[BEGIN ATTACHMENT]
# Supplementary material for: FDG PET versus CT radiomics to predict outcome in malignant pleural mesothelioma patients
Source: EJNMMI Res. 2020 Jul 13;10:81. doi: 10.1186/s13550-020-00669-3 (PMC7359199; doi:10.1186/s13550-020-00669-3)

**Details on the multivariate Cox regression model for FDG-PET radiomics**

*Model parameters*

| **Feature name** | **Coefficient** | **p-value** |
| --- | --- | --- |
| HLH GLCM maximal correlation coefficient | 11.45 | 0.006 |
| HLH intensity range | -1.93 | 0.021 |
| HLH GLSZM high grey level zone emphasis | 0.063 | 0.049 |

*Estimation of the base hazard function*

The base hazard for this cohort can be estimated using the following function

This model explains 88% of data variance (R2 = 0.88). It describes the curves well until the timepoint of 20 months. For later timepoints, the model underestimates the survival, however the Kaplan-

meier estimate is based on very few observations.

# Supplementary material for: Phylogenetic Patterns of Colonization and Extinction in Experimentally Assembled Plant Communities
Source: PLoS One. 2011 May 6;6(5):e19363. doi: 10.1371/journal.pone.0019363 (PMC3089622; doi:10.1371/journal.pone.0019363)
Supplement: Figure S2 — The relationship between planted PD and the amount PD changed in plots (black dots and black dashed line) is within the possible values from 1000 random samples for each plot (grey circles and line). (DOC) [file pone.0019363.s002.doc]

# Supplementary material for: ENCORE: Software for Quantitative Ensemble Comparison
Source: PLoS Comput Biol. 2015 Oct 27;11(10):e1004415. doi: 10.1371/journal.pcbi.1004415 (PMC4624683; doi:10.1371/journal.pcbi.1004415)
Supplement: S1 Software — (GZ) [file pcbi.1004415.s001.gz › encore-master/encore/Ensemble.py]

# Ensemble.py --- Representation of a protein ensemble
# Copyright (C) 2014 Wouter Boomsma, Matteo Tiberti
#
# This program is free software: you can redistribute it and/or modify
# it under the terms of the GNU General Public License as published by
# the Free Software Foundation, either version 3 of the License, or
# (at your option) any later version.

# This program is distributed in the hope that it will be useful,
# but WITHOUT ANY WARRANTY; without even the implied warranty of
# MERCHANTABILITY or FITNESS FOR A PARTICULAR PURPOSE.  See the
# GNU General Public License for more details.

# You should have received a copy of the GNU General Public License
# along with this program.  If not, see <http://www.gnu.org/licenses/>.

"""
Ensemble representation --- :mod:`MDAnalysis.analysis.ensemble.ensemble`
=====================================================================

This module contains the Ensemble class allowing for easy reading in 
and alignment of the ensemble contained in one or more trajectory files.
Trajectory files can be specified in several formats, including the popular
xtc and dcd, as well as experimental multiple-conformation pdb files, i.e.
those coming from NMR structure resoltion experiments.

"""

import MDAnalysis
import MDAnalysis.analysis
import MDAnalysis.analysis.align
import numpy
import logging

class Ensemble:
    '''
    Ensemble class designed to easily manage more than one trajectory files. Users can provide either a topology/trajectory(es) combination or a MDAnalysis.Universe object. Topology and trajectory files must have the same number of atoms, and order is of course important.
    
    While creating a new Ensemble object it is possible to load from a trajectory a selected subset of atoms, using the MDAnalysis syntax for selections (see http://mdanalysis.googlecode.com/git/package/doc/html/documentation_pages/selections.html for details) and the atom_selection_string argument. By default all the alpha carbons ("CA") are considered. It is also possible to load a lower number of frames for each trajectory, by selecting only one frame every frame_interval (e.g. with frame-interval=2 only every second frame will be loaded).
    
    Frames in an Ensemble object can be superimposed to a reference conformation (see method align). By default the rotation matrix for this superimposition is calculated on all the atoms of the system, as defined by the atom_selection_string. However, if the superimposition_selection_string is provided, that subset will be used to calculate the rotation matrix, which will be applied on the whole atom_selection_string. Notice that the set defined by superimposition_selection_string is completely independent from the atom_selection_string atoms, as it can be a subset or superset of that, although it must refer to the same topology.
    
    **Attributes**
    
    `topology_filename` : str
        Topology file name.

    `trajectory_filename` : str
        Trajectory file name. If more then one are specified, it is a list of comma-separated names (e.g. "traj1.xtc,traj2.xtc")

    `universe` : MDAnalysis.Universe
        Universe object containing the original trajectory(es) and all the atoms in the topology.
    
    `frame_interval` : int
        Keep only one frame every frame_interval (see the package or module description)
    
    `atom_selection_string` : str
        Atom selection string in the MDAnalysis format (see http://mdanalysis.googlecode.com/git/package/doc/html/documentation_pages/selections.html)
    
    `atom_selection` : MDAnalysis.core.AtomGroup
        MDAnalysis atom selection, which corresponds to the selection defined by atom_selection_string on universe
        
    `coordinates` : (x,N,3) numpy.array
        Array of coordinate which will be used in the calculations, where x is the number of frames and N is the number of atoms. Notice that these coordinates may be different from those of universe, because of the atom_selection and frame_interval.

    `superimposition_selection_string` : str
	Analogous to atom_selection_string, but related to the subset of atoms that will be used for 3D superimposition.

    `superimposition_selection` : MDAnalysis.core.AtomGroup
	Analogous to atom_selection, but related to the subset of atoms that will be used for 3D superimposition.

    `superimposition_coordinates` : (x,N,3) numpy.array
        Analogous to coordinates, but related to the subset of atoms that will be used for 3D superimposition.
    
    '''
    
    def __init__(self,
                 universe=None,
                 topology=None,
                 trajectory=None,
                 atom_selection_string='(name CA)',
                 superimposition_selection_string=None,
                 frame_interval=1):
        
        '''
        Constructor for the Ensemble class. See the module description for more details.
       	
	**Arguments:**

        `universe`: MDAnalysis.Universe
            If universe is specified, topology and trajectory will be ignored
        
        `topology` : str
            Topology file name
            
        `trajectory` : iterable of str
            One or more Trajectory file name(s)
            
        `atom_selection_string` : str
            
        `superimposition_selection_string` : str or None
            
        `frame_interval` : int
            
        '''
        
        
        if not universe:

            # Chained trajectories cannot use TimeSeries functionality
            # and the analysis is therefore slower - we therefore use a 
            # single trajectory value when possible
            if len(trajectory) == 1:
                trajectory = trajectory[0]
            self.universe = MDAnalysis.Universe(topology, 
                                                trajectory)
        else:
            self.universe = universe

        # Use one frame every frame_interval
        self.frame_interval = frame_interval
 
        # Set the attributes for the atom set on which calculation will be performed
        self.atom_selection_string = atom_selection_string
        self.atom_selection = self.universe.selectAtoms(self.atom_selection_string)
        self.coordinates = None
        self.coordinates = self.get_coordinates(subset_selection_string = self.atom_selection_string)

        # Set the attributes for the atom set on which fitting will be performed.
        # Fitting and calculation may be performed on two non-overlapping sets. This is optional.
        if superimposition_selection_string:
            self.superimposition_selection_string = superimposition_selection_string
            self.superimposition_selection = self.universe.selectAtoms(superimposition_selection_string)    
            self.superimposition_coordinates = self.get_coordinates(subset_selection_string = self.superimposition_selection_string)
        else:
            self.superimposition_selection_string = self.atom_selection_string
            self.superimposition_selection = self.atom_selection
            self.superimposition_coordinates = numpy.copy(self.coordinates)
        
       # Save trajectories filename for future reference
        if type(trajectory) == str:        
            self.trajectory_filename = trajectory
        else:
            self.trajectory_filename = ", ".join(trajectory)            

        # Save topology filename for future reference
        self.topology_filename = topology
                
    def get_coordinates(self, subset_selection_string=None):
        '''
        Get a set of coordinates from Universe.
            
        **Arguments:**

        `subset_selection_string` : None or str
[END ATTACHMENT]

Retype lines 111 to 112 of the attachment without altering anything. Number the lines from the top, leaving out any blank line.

        # Set the attributes for the atom set on which fitting will be performed.
        # Fitting and calculation may be performed on two non-overlapping sets. This is optional.